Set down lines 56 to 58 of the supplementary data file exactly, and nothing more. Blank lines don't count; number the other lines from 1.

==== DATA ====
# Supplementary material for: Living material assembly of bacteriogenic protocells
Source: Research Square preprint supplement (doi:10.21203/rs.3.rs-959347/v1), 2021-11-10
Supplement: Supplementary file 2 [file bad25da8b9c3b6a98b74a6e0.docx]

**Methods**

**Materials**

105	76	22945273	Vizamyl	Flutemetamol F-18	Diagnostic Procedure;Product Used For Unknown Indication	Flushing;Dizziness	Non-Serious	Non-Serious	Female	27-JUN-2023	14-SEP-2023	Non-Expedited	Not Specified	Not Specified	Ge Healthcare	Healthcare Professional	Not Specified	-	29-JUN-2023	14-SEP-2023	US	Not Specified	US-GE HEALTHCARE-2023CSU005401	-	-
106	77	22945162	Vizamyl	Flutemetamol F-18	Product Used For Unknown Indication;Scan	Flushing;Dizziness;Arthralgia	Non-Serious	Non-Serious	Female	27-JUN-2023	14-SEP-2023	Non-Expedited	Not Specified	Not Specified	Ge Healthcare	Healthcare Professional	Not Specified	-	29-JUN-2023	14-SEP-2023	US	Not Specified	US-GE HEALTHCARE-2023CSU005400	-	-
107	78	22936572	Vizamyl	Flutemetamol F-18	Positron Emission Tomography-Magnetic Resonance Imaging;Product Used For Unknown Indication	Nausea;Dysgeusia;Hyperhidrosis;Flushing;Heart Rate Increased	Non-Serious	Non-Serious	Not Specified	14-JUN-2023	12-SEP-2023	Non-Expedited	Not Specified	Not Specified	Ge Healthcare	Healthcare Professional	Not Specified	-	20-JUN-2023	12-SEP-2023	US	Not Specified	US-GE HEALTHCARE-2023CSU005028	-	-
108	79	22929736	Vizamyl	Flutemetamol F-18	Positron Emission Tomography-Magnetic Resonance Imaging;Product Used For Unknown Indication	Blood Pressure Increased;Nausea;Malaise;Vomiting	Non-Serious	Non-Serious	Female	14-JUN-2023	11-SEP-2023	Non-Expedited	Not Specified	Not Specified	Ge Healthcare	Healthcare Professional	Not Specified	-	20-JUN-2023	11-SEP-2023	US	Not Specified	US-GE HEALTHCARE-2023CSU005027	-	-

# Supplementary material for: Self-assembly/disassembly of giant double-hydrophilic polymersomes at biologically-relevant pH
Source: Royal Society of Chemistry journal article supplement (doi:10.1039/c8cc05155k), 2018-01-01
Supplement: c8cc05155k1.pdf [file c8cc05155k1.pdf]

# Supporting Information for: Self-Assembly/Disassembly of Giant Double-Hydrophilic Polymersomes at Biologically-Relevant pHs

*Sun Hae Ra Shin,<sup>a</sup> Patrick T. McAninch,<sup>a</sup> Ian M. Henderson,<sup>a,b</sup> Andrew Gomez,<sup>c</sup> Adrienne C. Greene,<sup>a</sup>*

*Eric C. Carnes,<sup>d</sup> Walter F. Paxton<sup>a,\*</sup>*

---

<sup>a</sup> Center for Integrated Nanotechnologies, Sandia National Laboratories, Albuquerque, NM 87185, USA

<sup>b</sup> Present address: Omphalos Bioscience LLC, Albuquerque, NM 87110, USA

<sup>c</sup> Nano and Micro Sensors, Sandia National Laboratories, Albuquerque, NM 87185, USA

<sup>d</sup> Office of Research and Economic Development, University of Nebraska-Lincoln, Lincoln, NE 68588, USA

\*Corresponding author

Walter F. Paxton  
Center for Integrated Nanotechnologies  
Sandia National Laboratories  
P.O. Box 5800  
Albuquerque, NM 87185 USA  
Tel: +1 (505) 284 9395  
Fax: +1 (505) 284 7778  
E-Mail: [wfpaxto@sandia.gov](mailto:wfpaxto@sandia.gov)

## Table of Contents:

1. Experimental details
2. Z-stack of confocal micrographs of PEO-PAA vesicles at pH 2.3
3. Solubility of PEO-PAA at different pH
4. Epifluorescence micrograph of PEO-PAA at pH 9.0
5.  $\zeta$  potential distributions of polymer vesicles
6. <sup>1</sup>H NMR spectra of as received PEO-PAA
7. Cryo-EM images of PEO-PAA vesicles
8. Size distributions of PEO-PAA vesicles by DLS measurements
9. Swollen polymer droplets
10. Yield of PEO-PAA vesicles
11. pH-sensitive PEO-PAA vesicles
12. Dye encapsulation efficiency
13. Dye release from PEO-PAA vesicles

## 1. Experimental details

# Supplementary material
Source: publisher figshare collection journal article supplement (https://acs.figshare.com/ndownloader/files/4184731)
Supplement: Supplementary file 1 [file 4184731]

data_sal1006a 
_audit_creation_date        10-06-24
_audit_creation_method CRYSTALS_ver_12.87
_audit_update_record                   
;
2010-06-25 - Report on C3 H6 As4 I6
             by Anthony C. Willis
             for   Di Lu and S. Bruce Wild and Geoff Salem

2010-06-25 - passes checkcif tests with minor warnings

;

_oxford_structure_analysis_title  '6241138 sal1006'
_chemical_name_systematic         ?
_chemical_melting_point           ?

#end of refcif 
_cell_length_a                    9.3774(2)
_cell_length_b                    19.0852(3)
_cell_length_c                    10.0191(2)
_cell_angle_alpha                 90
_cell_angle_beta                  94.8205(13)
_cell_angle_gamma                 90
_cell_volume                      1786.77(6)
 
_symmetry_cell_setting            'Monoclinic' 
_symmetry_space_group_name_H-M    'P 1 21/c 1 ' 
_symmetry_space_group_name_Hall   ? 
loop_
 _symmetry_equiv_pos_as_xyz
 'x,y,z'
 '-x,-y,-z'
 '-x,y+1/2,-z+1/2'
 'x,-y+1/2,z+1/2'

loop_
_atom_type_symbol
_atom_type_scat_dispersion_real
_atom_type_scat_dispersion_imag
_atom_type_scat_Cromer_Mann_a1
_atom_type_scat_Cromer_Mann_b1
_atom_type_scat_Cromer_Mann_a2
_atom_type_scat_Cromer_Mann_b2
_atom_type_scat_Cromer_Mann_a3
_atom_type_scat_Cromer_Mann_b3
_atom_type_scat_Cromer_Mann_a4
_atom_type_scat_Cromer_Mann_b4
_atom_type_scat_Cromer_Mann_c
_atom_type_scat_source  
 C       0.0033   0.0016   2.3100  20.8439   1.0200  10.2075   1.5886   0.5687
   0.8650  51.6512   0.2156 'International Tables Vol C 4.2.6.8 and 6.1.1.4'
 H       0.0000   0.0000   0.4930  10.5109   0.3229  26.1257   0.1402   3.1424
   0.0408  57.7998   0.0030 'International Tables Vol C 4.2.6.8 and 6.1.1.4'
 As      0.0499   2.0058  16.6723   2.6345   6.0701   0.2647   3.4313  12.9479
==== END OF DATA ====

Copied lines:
2010-06-25 - passes checkcif tests with minor warnings

;

_oxford_structure_analysis_title  '6241138 sal1006'